9 tips for quitting a job gracefully

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Quitting is not what it used to be. When a job was the sign of security, quitting meant you had a self-destructive streak. And when long-term employment was the only acceptable format for a resume, a string of quit jobs was a sign of an inability to get along with other people. Not so today.

Now, people have a new job almost every year before they turn 32. And with all the management-training courses about how to retain young employees, you can bet those young people are not getting fired. They’re quitting.

Today quitting is part of the process of finding your dream job, finding synergy between your home and work lives, and finding where you fit in. Young people have different expectations for work than older generations. A job today should feed one’s soul, ego, and sooner than later, family. It’s no surprise that you have to quit a lot of jobs to find the one that meets such lofty goals.

Yet with all the advice about how to get your dream job, there is a dearth of information on how to quit a job first. In a world where people change jobs constantly, and their network is the key to success, you have to quit as well as you hunt. Here’s a list of ways to quit a job well:

1. Go before things get bad.
Lynn recently left her accounting job. “I’ve been really good about quitting jobs amicably,” she says. “I realized I was hitting a point where I was going to start acting out.” Like Lynn, you need to know yourself and be honest about how you’re feeling on the job so you don’t let your emotions get out of hand.

2. Make a good first step.
“The very first person that you should tell you’re leaving is your boss,” says Alexandra Levit, author of They Don’t Teach Corporate in College. “Your boss will be insulted to hear it from someone else.” Also, get your story right the first time and tell the same, optimistic plan to everyone. Lynn, for example, explained that she wanted to give freelancing a try, which shows positive vision for her career.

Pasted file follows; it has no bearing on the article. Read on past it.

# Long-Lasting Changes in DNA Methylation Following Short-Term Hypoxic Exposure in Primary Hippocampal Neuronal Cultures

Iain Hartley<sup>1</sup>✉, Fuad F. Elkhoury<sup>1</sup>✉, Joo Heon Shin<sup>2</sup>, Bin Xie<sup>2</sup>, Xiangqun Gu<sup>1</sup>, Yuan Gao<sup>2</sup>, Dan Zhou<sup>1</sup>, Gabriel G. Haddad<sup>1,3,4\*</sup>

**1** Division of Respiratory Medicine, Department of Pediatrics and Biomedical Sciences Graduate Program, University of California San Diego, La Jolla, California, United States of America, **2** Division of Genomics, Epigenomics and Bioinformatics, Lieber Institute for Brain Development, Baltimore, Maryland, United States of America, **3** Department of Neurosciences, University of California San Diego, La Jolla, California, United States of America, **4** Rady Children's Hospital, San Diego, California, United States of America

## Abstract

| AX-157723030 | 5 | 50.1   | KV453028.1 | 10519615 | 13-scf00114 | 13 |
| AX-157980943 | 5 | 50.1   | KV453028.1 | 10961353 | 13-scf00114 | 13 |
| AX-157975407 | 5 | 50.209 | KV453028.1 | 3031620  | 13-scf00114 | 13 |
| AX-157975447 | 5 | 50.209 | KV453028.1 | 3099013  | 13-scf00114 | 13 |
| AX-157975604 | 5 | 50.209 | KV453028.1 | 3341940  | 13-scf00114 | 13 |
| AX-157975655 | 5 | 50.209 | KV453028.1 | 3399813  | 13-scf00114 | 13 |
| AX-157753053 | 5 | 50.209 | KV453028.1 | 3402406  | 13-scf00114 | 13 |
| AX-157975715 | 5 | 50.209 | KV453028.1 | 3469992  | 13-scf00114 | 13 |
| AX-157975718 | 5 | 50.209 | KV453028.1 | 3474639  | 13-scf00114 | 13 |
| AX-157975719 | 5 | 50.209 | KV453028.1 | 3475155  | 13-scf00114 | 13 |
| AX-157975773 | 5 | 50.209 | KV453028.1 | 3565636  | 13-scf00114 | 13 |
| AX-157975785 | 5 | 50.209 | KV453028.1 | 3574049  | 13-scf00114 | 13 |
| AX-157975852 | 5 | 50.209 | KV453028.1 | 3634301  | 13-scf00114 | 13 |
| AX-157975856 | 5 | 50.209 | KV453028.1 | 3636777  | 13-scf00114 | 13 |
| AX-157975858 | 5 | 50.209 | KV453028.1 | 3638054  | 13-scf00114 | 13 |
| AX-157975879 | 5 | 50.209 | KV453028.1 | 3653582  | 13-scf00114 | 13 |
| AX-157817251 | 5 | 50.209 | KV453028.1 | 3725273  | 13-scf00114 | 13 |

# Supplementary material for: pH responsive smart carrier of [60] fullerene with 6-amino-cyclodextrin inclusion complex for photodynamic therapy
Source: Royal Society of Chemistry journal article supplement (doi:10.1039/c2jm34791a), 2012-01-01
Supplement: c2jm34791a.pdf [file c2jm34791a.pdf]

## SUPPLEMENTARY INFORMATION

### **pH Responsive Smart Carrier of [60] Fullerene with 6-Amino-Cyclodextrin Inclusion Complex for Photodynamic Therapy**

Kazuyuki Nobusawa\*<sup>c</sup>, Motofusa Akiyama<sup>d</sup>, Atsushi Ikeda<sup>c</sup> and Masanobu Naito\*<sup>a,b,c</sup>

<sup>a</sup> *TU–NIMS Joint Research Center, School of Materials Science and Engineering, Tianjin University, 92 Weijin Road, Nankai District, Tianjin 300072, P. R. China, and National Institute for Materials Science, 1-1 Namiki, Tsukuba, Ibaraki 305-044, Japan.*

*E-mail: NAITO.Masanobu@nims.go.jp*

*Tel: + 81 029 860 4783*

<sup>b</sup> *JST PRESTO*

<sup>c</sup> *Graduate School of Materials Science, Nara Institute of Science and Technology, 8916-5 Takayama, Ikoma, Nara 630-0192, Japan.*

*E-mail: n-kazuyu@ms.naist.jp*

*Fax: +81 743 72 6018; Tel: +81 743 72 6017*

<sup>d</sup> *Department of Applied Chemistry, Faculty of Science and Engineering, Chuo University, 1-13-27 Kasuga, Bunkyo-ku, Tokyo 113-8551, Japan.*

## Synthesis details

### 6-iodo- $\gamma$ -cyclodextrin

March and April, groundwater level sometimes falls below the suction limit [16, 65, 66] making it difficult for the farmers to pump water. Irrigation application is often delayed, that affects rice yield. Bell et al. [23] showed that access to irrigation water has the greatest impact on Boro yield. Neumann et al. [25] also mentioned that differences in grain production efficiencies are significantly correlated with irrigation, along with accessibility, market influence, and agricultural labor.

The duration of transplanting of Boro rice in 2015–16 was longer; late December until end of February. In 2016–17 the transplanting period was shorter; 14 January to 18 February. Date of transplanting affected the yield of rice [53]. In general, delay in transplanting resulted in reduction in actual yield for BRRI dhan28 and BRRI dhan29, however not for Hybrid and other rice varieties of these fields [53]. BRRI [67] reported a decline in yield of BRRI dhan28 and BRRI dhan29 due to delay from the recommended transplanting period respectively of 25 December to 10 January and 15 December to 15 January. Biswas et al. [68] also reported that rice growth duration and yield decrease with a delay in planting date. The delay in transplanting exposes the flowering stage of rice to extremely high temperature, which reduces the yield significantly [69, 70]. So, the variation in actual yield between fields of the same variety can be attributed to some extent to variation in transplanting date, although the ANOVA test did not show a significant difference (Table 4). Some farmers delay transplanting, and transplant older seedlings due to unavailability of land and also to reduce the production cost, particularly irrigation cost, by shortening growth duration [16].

3. Leave the door open a crack.
If you’ve done good work, there is no reason you couldn’t come back later, when things for you and for the company might have changed. Especially as you begin to specialize in your career and lay down roots, the pool of possible companies gets smaller. So don’t close any doors definitively.

“It’s very tempting to spill your guts or rant about the people you work with, but be careful what you say because you never know when you’ll want to come back,” says Levit.

4. Beware of the exit interview.
“If you trash the company during an exit interview, it will follow you everywhere. In fact, don’t even bother to do one,” says David Perry, a recruiter and author of Guerrilla Marketing for Job Hunters. “Just leave on good terms and let them know you had a wonderful time.” Even if you didn’t.

5. Resignation letter.
Try to get out of it if you can. But if you really need to write one for legal reasons, make it short and gracious. You are not the president of the United States. The world does not need a public record of why you quit or what your aspirations are. Just a simple end date and a thank you will be fine.

6. Trust that the company can continue without you.
“People think the world is going to end if they quit their job,” says Lynn. “In my last job, everyone who quit thought everything would go wrong, but it’s easily fixed and everyone’s replaceable.”

7. Set yourself up for a good reference.
Perry is adamant that any negative parting will haunt your job hunts forever. “You want to be sure the trail you leave is a positive one,” he says. And although the law discourages past employers from dissing you to future employers, Perry says a recruiter can circumvent this hurdle. “I have never, in my 20 years of recruiting, had someone not answer questions about references.”

8. Manage the in-between time carefully.
“Burn no bridges,” warns Brendon Connelly, author of the popular blog Slacker Manager. Sometimes quitting a job is as loaded as dumping a lover. “I have quit a few jobs and there has been tension because it’s always been for something else,” says Connelly. “You need to lay the groundwork ahead of time for the transition.” Tie up loose ends at the old job and get your files organized to pass on to someone else. “You don’t want to give the old people the shaft.”